2. This is a fascinating subject! Many of my readers say they love my novels because they're always surprised by the ending. Yet I read that article when it came out and started to wonder. I'm on several mystery forums and have heard readers say they figured things out ahead of the protagonist and still loved the story.

    Did you waste your time? Not if you made the story better. And I'm confident you did. Best wishes with your launch.

  3. In general, I appreciate a good surprise. A bit of a twist energizes both the story and my brain cells.

    Having said that, figuring out the who or the what doesn't always explain the why. As long as there's a reason to keep turning the pages, and the story is well-written, and I care about the characters, and there are some decent subplots, and the setting works, I'm there.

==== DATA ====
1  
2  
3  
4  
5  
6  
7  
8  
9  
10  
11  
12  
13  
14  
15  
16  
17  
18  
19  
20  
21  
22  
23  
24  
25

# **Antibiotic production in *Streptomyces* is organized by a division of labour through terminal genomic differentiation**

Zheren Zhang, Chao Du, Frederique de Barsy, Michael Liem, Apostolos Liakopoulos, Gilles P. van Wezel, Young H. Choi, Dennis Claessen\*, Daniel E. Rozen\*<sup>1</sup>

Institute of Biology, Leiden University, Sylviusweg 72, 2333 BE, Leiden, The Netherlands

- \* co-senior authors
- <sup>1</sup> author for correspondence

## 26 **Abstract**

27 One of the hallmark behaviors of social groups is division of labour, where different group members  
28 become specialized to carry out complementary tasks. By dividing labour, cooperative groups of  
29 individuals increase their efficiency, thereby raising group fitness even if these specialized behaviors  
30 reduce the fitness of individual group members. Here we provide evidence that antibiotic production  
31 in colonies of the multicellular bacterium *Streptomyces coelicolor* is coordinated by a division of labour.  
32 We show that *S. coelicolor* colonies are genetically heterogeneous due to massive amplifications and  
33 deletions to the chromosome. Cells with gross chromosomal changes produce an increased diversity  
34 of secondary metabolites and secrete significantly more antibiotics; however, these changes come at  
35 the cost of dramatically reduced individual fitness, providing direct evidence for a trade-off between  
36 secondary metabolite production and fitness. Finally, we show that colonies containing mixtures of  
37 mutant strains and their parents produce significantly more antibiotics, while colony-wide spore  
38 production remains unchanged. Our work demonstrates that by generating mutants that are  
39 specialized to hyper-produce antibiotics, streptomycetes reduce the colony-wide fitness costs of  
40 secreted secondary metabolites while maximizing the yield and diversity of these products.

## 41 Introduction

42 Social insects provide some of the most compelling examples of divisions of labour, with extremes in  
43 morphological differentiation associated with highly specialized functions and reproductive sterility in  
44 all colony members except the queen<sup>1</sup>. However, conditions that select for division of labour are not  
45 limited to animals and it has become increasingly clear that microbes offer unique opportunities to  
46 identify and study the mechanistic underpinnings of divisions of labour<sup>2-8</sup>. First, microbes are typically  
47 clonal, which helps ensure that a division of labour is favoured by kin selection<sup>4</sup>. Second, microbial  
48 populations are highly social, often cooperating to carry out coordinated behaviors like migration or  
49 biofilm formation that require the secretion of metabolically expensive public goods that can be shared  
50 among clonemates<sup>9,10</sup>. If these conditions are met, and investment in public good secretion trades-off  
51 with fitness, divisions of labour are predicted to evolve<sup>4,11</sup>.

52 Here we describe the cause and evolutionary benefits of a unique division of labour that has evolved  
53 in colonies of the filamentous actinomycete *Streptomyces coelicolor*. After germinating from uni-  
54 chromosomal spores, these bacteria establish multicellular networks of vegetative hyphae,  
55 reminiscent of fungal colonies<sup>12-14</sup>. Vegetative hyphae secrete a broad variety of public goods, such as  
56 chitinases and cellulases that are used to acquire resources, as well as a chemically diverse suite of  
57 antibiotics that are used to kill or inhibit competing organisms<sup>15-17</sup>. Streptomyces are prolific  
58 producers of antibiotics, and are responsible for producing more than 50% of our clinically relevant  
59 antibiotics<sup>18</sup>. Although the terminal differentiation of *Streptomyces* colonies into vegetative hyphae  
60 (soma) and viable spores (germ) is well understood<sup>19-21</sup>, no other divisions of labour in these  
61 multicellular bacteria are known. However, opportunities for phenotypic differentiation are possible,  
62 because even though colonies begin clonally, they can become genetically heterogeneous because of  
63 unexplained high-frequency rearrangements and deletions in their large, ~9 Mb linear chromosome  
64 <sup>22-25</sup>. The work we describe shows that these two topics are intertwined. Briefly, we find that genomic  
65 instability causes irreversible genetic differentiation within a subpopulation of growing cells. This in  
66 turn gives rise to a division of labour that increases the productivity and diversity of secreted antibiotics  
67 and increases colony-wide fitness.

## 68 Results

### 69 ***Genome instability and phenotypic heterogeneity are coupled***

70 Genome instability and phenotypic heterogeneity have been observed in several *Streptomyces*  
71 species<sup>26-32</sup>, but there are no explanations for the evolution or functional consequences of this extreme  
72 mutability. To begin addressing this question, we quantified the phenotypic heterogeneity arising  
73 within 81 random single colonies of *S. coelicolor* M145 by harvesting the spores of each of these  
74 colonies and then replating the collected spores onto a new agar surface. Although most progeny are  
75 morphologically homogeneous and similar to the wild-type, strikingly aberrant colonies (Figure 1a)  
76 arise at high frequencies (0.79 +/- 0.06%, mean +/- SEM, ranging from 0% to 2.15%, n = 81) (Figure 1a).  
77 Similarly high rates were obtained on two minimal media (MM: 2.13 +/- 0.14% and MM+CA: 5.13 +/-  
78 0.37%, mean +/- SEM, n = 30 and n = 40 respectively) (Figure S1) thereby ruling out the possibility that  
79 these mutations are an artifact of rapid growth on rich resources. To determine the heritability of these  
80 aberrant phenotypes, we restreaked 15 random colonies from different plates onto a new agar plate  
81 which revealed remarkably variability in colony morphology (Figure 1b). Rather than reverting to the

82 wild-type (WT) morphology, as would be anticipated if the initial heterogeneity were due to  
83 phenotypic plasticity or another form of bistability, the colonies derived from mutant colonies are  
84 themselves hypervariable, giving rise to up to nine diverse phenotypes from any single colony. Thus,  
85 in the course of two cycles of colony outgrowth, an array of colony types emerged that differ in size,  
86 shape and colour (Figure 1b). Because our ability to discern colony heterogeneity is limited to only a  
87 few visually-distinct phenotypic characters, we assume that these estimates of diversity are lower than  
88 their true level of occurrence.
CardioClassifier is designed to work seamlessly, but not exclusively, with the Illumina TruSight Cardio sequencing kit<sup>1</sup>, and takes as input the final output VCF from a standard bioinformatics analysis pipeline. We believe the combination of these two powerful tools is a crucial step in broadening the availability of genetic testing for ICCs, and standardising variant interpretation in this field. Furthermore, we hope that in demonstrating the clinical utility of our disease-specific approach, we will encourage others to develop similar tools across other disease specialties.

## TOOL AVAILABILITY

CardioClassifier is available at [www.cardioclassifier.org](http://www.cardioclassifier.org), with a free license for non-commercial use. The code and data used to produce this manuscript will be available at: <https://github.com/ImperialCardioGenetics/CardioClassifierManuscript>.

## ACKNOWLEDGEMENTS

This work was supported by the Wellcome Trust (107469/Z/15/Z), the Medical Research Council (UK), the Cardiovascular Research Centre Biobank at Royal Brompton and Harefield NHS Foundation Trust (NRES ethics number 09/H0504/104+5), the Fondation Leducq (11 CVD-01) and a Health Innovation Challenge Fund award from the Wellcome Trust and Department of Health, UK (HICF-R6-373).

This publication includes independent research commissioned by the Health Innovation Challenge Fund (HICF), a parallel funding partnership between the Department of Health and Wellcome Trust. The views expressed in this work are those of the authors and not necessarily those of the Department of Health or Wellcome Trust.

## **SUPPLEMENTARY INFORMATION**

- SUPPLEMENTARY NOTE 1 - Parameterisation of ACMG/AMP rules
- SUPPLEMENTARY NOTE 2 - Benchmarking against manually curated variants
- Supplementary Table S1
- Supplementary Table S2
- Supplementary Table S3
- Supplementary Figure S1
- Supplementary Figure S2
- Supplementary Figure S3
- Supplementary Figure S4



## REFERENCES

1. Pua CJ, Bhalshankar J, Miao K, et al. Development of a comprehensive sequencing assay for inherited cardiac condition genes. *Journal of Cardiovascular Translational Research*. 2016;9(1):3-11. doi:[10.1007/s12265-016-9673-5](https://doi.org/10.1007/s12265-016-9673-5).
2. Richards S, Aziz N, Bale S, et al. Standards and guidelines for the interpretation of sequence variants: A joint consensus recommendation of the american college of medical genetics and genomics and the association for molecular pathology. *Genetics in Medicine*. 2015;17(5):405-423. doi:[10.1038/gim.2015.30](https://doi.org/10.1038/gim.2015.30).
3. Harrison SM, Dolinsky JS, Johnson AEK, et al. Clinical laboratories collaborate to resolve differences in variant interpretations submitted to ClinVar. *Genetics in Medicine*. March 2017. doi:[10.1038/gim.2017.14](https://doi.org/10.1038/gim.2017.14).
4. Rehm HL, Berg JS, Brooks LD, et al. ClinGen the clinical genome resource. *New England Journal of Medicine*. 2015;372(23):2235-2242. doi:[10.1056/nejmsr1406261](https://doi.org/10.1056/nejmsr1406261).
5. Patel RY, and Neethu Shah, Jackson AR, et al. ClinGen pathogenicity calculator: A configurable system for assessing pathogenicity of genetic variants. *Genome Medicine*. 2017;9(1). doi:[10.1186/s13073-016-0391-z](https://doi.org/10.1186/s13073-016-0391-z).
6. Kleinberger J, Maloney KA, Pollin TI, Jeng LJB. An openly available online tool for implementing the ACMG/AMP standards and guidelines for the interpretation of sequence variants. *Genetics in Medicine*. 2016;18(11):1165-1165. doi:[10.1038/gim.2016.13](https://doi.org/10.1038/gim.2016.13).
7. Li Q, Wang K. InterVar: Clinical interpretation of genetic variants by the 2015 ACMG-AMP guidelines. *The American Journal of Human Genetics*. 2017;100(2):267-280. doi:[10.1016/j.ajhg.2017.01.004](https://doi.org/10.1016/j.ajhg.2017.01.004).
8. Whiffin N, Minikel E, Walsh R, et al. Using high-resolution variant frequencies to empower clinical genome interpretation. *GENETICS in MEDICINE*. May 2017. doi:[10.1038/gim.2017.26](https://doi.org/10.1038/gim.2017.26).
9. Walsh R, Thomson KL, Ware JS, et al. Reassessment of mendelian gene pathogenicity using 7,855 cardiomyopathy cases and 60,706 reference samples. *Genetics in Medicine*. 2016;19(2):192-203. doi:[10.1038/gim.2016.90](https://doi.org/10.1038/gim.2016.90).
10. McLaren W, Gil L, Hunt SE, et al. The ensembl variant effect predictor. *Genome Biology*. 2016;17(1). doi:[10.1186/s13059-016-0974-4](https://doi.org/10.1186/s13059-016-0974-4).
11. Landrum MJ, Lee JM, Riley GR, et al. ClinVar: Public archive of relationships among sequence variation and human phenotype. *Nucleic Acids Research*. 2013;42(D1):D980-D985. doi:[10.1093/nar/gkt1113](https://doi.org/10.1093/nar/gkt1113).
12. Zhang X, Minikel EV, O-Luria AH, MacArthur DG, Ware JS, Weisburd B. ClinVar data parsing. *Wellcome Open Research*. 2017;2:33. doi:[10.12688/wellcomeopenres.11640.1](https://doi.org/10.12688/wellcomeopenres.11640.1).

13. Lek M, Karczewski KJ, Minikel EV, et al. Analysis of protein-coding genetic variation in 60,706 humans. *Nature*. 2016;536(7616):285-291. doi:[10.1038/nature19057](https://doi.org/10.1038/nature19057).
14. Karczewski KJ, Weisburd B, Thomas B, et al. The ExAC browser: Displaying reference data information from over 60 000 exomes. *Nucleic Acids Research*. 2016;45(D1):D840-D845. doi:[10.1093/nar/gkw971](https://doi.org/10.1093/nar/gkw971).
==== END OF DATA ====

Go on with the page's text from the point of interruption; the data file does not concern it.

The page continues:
4. What Peg said. LOL

    But yes, that's what I love most about LJ's books - the surprise twist at the end! That delights me and makes me close the book with a big smile of admiration for the author's skills in weaving a compelling plot with a very satisfying ending.

    I haven't read a lot of books where the author reveals the outcome partway through, and I'm not sure I'd like that. Foreshadowing and hints, yes, but as I'm reading along, I like to try to guess "whodunnit" or how on earth the hero is going to defeat the nasty villain. I think I might be a bit disappointed if I figured it out halfway through.

    So in my opinion (as both a reader and an editor), Drew, I think it was a very good idea to use beta readers, and I'm sure the extra time you put in after will really strengthen the story. Many writers wouldn't have been so conscientious at that point - good for you!